So we have a general framework for this "contextual steering", but that leaves a major question: what, exactly, is
This will vary heavily based on the type of game you're building, but the basic idea is straightforward: context is anything that might influence how likely a character is to move in a certain direction. This can be expressed in terms of "desirability" and "danger" - the more desirable a direction, the higher its score. The more dangerous
a direction, or undesirable if you prefer, the lower its score.
Pursuing a Target
Steering towards a target position is easy: for a given direction being evaluated, take the dot product of the (normalized) direction vector and the (normalized) vector from the character to the target point. You can clamp this score to [0, 1] if you like, or keep the negative scores for directions that face away from the target, depending on how you want to combine the results of each evaluator.
Avoiding a Target
As before, take the dot product of the candidate direction vector with the vector towards the target to avoid. Flip the sign of the result, and you're done! The character will now faithfully steer away from the given point.
Static obstacles that lie between a character and the desired destination can be handled by simply setting the blocked direction's score to zero. The character will naturally tend to steer away from the obstacle and try and move around it instead. A simple way to do this is cast a ray in the direction of the candidate vector, similar to any other line-of-sight check, and if a direction is obstructed, zero out its score.
A simple trick to accomplish speed control is to scale the score of a candidate direction by how fast you want the character to move. If you're using multiplication of normalized scores, speed control is simply a matter of adding an evaluator that chooses how fast to move. This can be combined with other systems to coordinate moving through choke points, for example.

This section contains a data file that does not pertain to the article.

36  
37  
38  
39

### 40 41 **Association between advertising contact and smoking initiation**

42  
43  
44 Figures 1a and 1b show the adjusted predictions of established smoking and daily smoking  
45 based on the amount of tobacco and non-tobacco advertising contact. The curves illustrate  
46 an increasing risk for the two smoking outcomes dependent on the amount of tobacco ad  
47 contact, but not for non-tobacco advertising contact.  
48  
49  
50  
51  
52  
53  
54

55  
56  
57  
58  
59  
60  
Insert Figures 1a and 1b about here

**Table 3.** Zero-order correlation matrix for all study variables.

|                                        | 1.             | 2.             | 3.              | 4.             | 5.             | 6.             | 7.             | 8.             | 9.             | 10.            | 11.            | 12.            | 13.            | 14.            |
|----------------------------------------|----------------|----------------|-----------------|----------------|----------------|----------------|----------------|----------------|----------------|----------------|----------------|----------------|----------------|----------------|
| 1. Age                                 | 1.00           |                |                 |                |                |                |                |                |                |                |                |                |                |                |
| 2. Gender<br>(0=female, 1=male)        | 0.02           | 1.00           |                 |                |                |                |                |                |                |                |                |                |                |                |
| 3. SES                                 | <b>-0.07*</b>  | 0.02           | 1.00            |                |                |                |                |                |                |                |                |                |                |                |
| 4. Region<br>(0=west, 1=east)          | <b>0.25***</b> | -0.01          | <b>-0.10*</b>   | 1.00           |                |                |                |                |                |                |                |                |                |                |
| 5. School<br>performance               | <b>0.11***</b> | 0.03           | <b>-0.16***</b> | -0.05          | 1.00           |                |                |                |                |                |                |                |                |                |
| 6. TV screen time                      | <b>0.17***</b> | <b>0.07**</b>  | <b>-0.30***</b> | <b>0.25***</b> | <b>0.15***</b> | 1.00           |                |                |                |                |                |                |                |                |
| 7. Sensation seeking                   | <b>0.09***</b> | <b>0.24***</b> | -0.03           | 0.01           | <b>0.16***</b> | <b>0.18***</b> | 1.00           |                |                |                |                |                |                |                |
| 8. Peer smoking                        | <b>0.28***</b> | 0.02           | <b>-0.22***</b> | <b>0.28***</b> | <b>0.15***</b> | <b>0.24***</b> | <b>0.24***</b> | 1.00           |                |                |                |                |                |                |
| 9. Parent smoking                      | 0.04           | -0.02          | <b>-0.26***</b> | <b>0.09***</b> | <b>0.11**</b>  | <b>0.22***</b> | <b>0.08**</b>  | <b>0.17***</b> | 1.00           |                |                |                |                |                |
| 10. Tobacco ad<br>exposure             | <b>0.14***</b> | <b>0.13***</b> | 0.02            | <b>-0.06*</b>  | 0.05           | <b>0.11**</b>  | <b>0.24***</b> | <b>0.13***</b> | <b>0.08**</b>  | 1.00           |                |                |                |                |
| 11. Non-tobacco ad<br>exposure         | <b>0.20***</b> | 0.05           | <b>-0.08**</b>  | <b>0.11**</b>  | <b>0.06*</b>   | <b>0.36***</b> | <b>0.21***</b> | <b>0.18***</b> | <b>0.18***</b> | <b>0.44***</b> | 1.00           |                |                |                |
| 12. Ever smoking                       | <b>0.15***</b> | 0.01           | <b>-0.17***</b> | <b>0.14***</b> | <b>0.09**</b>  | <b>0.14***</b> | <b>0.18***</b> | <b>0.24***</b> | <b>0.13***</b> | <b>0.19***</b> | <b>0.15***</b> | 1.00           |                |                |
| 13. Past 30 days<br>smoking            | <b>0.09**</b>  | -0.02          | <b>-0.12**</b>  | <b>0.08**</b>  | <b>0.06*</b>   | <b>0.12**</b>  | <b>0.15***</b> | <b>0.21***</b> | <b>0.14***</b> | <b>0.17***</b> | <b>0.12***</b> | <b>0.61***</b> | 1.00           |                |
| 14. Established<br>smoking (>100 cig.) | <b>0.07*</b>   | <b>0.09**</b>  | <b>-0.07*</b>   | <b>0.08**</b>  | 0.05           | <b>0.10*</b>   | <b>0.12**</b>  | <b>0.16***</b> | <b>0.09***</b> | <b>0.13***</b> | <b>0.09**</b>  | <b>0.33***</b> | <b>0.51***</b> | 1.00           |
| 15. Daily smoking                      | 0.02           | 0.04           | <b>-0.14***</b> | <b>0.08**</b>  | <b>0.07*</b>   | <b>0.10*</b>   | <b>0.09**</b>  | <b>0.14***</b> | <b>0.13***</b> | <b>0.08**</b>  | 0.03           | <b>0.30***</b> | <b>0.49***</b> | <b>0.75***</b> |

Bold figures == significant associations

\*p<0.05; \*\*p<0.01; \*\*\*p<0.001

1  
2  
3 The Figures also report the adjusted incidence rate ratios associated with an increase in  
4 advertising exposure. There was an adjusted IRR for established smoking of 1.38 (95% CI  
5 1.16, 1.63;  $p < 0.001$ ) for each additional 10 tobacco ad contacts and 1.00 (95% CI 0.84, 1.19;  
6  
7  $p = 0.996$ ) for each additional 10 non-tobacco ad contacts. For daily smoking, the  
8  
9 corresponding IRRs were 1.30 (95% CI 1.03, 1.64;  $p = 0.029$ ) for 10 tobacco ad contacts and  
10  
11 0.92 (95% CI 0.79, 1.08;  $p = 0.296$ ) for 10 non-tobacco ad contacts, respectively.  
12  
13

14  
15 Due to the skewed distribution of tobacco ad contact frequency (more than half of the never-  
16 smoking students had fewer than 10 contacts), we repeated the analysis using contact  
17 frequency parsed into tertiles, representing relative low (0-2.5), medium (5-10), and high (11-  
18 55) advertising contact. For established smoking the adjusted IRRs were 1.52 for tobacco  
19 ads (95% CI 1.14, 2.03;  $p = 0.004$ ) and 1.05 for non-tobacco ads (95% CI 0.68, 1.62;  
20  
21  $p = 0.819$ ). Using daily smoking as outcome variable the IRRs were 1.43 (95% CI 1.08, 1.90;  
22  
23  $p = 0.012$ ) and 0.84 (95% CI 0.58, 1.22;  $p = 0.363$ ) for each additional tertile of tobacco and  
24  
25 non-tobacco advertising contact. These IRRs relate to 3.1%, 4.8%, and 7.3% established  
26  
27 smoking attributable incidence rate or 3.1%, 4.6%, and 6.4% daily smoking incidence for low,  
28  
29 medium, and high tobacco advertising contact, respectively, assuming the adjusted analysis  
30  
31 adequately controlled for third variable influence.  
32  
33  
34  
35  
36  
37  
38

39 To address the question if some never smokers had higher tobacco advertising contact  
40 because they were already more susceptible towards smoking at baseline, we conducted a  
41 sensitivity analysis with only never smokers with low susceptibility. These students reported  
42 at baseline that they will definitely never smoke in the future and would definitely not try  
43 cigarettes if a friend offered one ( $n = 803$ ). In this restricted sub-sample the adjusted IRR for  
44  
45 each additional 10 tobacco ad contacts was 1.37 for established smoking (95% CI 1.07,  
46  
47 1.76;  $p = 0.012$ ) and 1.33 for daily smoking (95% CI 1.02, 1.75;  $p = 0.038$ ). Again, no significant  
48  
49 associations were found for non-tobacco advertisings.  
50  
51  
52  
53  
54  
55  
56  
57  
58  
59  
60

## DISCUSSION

If you have a large number of characters all steering using this system, you can coordinate them into "flocks" fairly easily. The trick is to add a pre-processing step which computes a "dispersion" or "separation" force just like in traditional flocking. Then, we add an evaluator which takes the dot product of the dispersion vector with each of the candidate vectors, and adds
that score to the other scores produced by different evaluators. The result is that characters will tend to favor directions which move them towards the separating positions, leading to very visually pleasing grouping behavior. As a bonus, when combined with movement speed scaling, we can have characters flow in crowds and self-organize with minimal effort.
Sometimes, when steering huge numbers of characters, it can be impractical to have each character steer every frame. With contextual steering, it's trivial to address this performance problem. Simply have each evaluator score the candidate directions, and
provide an estimate for how long the character can move in that direction before the score becomes invalid. When it comes time to choose a final direction, simply pick the lowest time for which that direction can be valid, and don't steer again until that time elapses. Better yet, combine this with simple movement speed scaling to have characters move at slightly different speeds, and you can get free time-slicing of your steering computations!
Steering remains a powerful paradigm for controlling character movement. However, with some simple adjustments to the concept and a little clever application of logic, we can accomplish highly context-specific behavior with a minimum of effort and zero code duplication, since each considered evaluator only has to run once per direction.
Depending on how many candidate direction slots we use, and depending on the complexity of each steering evaluator, it might be more expensive to do this than to use naive steering in some cases. However, the more complex the steering logic becomes, the better the win for using contextual information. Careful coding can also allow many context-specific decisions to be ignored when they are invalid, dropping the computation overhead substantially.
In any case, contextual steering is an excellent tool to have in your arsenal. A good implementation framework can be built in a day or two, and scoring evaluators added on as needed to produce arbitrarily rich steering behavior.
For extra credit, consider combining context information with flow fields, navmesh pathfinding, or whatever other movement control techniques strike your fancy.